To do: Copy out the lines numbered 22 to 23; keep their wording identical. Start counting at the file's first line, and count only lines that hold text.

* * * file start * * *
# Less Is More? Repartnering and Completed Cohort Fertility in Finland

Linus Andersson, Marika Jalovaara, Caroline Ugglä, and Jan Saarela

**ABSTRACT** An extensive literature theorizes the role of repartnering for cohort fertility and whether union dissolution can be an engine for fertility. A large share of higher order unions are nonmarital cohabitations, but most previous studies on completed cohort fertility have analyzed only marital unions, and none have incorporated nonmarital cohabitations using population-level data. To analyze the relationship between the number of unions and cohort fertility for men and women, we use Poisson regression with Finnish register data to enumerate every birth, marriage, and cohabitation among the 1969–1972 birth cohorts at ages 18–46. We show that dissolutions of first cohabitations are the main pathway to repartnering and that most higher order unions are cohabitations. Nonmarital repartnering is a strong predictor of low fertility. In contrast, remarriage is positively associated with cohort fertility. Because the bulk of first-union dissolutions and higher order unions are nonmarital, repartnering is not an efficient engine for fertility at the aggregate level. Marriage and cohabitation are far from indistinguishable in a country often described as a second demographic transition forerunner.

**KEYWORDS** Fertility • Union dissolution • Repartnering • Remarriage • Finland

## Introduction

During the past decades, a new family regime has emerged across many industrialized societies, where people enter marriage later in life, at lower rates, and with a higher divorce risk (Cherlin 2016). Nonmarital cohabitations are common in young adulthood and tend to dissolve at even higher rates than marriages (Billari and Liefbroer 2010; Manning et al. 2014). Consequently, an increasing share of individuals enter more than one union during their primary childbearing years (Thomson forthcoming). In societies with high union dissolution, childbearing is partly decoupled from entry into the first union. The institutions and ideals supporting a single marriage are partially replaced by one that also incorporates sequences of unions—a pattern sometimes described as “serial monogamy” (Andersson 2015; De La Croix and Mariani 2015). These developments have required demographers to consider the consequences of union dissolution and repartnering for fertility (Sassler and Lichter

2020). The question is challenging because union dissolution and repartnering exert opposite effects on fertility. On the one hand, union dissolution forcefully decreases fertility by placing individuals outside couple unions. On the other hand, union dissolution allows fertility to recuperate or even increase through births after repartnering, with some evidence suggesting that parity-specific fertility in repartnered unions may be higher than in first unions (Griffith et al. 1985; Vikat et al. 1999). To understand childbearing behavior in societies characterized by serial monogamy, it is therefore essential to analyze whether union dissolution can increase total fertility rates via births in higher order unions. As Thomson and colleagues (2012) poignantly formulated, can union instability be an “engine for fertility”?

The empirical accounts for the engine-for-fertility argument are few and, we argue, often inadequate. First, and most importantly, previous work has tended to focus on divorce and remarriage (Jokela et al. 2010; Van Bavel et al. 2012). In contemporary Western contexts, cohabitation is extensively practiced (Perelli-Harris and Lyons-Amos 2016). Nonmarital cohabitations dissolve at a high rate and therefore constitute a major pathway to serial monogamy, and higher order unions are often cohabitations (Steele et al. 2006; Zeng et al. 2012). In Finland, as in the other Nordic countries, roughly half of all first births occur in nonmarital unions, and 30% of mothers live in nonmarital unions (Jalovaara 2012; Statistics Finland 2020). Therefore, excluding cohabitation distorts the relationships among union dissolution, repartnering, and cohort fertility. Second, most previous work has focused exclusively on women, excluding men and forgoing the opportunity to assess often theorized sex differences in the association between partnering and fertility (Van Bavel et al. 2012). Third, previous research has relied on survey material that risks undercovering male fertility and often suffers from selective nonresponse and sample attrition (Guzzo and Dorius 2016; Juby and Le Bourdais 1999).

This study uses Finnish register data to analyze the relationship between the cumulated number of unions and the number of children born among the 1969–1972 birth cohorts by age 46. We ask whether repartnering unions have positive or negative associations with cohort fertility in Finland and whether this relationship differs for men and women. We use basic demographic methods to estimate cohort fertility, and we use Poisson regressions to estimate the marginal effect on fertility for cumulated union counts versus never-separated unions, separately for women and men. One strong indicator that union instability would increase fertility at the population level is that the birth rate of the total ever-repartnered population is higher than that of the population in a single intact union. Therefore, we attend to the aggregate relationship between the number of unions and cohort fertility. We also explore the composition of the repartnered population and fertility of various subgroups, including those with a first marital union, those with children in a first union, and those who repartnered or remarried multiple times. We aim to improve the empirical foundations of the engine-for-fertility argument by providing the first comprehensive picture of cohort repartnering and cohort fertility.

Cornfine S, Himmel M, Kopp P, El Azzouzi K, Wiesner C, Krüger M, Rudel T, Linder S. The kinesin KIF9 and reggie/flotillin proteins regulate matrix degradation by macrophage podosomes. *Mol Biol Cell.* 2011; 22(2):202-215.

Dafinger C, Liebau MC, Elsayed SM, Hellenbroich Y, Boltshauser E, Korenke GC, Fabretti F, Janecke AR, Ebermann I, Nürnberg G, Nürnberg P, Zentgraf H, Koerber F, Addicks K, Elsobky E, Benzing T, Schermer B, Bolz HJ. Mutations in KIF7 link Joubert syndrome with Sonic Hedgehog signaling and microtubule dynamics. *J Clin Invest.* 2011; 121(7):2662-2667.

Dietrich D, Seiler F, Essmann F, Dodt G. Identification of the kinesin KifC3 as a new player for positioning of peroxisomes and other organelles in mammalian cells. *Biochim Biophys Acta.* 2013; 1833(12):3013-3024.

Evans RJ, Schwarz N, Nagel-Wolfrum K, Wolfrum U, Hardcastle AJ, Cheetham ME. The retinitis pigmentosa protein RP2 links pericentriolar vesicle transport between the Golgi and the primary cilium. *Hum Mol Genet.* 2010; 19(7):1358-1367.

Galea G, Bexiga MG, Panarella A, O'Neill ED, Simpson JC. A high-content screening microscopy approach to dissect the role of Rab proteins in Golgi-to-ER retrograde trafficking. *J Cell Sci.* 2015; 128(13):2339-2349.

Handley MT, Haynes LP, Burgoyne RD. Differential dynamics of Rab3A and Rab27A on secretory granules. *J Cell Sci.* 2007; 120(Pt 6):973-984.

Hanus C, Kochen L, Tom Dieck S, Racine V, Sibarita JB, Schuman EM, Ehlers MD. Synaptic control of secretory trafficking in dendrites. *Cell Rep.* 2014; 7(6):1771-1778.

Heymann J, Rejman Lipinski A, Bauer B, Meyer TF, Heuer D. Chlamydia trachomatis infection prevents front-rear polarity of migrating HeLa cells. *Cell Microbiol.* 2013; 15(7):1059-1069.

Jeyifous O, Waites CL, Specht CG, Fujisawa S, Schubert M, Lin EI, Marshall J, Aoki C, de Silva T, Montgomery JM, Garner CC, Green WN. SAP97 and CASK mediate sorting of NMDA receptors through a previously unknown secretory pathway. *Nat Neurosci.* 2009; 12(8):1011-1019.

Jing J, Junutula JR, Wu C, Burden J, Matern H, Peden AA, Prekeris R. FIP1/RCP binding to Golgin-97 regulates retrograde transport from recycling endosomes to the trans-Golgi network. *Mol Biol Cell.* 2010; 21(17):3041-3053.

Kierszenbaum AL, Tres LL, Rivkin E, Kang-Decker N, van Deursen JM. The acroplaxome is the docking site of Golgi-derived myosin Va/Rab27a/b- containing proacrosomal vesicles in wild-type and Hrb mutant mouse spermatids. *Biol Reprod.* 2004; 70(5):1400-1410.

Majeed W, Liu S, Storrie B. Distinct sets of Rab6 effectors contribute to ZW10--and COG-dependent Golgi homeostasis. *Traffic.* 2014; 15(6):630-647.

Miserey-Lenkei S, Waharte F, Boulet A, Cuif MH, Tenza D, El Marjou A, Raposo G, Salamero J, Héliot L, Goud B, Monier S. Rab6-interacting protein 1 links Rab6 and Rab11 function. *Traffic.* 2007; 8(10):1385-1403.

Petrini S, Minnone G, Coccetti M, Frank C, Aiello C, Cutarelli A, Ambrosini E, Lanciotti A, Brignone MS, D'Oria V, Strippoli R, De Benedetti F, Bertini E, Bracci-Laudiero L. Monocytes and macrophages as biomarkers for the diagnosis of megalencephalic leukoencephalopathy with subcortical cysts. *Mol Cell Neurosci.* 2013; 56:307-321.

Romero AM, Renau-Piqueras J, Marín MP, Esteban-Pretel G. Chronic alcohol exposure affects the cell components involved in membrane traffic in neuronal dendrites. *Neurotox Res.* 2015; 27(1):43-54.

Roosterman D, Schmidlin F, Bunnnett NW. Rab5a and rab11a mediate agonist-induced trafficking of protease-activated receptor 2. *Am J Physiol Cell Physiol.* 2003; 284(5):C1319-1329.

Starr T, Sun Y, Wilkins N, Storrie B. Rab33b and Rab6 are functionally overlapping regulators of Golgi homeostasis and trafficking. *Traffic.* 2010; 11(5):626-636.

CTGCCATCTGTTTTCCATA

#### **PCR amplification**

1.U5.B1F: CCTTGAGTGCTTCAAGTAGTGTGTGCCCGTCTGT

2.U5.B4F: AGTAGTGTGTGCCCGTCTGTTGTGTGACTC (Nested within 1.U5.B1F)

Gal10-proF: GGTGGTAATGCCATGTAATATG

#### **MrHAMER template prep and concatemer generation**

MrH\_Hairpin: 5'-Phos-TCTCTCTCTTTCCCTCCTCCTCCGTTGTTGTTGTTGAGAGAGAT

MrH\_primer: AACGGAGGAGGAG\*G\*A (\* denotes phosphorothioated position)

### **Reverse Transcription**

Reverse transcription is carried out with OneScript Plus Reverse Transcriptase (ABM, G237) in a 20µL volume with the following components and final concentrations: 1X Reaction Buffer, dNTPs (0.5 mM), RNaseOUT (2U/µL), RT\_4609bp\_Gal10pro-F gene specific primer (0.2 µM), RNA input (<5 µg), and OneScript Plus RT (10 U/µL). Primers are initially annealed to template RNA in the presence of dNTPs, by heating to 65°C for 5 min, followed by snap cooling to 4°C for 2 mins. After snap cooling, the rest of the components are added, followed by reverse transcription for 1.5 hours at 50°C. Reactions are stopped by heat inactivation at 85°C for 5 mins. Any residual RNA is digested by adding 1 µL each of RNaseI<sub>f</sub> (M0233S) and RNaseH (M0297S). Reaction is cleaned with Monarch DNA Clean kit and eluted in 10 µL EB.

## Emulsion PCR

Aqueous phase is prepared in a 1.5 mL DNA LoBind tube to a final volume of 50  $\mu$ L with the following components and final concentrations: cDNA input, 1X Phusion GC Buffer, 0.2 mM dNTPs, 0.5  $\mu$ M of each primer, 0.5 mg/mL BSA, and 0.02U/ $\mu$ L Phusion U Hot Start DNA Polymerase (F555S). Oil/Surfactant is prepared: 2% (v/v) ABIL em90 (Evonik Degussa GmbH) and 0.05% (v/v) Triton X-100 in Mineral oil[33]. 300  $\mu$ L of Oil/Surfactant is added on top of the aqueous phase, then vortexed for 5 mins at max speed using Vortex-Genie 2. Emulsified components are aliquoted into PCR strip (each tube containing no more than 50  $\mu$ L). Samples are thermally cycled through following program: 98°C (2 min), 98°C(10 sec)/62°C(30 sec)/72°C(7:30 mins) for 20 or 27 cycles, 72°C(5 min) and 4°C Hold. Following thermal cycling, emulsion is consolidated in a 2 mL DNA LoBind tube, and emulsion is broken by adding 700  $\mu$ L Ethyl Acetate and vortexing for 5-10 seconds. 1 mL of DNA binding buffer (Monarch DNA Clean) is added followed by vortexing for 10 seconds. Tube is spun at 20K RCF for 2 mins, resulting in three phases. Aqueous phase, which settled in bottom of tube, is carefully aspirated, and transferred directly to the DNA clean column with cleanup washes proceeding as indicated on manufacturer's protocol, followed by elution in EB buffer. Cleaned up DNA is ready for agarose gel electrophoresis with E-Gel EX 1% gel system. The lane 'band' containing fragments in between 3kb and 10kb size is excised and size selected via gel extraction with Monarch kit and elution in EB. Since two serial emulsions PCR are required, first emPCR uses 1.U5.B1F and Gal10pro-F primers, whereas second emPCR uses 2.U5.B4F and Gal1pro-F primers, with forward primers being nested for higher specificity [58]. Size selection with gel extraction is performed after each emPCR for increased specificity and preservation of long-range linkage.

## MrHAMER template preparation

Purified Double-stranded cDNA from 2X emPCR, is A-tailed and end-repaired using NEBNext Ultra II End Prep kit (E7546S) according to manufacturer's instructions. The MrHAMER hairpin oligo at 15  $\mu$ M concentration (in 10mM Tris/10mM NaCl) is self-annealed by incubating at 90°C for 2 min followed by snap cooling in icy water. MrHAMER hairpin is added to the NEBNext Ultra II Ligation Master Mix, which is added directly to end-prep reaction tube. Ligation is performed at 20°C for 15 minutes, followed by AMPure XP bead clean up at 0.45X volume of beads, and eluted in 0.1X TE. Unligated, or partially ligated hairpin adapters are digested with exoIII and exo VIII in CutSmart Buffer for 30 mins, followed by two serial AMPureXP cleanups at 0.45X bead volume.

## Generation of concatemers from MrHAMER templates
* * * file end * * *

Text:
Miserey-Lenkei S, Waharte F, Boulet A, Cuif MH, Tenza D, El Marjou A, Raposo G, Salamero J, Héliot L, Goud B, Monier S. Rab6-interacting protein 1 links Rab6 and Rab11 function. *Traffic.* 2007; 8(10):1385-1403.

Petrini S, Minnone G, Coccetti M, Frank C, Aiello C, Cutarelli A, Ambrosini E, Lanciotti A, Brignone MS, D'Oria V, Strippoli R, De Benedetti F, Bertini E, Bracci-Laudiero L. Monocytes and macrophages as biomarkers for the diagnosis of megalencephalic leukoencephalopathy with subcortical cysts. *Mol Cell Neurosci.* 2013; 56:307-321.